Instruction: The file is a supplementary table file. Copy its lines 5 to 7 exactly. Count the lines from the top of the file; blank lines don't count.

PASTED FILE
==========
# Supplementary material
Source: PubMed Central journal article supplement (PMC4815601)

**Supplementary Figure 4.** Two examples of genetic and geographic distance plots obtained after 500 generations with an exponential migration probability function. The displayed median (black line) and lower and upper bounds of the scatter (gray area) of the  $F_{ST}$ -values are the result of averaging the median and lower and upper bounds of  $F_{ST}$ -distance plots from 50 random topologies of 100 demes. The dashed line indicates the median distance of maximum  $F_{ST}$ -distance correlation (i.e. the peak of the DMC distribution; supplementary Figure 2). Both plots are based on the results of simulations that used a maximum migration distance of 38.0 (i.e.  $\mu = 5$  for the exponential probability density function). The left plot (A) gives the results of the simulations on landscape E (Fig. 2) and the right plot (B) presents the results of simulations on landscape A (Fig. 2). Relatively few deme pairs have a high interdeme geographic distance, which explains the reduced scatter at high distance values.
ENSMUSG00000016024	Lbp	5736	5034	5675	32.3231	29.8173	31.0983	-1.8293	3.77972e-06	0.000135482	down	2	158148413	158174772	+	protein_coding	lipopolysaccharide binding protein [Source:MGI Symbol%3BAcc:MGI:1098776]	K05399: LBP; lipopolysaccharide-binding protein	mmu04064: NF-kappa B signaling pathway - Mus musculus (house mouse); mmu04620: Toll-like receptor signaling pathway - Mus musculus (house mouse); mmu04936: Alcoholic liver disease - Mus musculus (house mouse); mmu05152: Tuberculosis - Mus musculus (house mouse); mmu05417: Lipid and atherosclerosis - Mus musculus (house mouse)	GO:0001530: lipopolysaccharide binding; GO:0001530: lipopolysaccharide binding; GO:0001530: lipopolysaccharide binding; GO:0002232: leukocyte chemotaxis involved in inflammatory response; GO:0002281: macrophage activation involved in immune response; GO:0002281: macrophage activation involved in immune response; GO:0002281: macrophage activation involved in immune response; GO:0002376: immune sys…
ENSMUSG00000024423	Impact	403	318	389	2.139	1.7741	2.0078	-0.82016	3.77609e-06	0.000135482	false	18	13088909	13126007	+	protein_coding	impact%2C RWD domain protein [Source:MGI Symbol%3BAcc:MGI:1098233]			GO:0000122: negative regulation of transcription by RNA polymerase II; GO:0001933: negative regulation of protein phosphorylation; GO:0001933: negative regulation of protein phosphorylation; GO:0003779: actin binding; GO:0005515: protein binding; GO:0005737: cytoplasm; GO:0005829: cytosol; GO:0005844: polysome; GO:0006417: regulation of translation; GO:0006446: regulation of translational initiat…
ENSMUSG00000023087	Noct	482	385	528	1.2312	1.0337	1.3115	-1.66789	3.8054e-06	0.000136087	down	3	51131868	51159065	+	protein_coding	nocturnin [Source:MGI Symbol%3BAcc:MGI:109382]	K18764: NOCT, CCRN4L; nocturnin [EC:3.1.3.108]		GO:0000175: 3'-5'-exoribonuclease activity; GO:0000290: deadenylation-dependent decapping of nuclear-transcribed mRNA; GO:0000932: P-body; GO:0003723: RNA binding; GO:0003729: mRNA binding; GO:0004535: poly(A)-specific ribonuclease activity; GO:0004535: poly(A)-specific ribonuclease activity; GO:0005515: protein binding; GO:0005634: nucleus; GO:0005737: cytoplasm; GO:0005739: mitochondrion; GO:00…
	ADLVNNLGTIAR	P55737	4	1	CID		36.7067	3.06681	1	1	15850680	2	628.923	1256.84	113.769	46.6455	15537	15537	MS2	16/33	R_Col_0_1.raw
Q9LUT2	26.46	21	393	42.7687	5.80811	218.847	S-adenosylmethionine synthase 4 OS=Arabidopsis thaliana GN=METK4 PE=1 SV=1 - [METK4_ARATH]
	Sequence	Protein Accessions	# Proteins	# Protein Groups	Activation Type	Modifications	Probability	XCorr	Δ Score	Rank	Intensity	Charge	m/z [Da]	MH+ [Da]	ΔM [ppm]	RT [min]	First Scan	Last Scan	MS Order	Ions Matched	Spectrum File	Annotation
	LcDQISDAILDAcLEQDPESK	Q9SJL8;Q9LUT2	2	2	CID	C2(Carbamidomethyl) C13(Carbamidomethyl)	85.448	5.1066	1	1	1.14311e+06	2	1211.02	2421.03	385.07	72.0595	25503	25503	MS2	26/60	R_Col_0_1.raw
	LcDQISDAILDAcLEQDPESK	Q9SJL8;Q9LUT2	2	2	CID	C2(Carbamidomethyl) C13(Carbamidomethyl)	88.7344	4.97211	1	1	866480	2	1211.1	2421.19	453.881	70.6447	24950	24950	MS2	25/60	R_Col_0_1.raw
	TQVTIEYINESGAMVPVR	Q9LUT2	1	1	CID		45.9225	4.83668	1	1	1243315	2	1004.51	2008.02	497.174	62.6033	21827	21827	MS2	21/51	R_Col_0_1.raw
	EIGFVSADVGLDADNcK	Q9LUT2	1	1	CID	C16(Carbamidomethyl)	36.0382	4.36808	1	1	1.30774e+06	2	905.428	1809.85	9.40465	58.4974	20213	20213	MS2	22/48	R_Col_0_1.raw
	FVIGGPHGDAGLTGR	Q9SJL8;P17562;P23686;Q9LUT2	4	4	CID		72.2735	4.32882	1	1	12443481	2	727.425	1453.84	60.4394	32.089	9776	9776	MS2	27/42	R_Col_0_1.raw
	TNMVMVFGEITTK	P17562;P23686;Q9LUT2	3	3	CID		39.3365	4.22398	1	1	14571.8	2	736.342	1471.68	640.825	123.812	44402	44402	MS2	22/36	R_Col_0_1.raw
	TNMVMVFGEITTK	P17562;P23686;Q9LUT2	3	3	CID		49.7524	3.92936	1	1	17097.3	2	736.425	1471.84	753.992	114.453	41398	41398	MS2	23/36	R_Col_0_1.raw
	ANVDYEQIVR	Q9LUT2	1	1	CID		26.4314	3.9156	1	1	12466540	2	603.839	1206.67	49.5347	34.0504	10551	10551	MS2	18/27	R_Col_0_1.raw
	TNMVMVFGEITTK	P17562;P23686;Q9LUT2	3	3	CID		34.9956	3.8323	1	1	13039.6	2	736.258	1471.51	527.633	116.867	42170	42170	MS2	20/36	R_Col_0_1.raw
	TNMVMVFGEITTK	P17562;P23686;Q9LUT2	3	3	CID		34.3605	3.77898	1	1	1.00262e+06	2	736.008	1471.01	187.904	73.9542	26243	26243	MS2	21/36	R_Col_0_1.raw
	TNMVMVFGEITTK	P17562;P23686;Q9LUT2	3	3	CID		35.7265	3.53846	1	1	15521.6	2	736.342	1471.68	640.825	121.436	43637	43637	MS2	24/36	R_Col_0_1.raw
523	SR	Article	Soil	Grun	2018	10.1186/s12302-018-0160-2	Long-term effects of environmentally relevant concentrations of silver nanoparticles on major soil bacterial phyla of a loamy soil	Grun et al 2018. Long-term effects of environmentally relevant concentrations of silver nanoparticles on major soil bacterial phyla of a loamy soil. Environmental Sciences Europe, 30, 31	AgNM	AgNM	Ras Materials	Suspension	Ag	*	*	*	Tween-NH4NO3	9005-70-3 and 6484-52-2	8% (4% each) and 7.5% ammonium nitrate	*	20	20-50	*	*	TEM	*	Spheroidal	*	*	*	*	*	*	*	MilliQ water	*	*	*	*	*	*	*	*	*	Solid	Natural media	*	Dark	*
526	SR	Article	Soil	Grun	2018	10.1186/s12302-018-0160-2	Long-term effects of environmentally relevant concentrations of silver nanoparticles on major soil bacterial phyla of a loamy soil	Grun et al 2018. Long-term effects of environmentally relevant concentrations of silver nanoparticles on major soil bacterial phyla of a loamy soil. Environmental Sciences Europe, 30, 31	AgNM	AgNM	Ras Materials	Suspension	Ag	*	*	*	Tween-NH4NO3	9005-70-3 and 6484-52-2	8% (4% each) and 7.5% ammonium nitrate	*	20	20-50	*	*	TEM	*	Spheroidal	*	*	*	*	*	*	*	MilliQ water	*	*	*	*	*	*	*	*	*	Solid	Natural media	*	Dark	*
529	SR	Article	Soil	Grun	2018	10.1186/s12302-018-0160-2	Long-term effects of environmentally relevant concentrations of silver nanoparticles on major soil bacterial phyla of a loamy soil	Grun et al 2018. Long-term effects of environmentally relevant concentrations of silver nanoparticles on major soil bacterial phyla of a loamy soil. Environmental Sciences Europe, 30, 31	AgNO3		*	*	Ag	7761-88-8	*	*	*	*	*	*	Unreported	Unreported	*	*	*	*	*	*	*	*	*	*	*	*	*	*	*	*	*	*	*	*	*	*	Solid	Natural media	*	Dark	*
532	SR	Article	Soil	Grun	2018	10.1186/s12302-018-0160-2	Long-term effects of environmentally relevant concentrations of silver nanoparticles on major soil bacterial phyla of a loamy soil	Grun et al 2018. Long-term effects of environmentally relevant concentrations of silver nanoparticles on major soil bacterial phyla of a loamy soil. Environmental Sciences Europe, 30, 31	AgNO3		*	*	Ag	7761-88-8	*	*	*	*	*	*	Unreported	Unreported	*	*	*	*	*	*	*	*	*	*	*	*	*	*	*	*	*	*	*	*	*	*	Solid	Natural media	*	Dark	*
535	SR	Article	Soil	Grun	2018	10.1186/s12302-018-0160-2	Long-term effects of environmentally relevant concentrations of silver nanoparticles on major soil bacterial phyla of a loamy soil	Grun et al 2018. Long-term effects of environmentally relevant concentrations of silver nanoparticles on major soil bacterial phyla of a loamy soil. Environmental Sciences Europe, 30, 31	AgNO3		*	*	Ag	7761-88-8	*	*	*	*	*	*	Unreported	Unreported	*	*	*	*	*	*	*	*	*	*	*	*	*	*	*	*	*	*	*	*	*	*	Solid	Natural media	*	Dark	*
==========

ENSMUSG00000024423	Impact	403	318	389	2.139	1.7741	2.0078	-0.82016	3.77609e-06	0.000135482	false	18	13088909	13126007	+	protein_coding	impact%2C RWD domain protein [Source:MGI Symbol%3BAcc:MGI:1098233]			GO:0000122: negative regulation of transcription by RNA polymerase II; GO:0001933: negative regulation of protein phosphorylation; GO:0001933: negative regulation of protein phosphorylation; GO:0003779: actin binding; GO:0005515: protein binding; GO:0005737: cytoplasm; GO:0005829: cytosol; GO:0005844: polysome; GO:0006417: regulation of translation; GO:0006446: regulation of translational initiat…
ENSMUSG00000023087	Noct	482	385	528	1.2312	1.0337	1.3115	-1.66789	3.8054e-06	0.000136087	down	3	51131868	51159065	+	protein_coding	nocturnin [Source:MGI Symbol%3BAcc:MGI:109382]	K18764: NOCT, CCRN4L; nocturnin [EC:3.1.3.108]		GO:0000175: 3'-5'-exoribonuclease activity; GO:0000290: deadenylation-dependent decapping of nuclear-transcribed mRNA; GO:0000932: P-body; GO:0003723: RNA binding; GO:0003729: mRNA binding; GO:0004535: poly(A)-specific ribonuclease activity; GO:0004535: poly(A)-specific ribonuclease activity; GO:0005515: protein binding; GO:0005634: nucleus; GO:0005737: cytoplasm; GO:0005739: mitochondrion; GO:00…
	ADLVNNLGTIAR	P55737	4	1	CID		36.7067	3.06681	1	1	15850680	2	628.923	1256.84	113.769	46.6455	15537	15537	MS2	16/33	R_Col_0_1.raw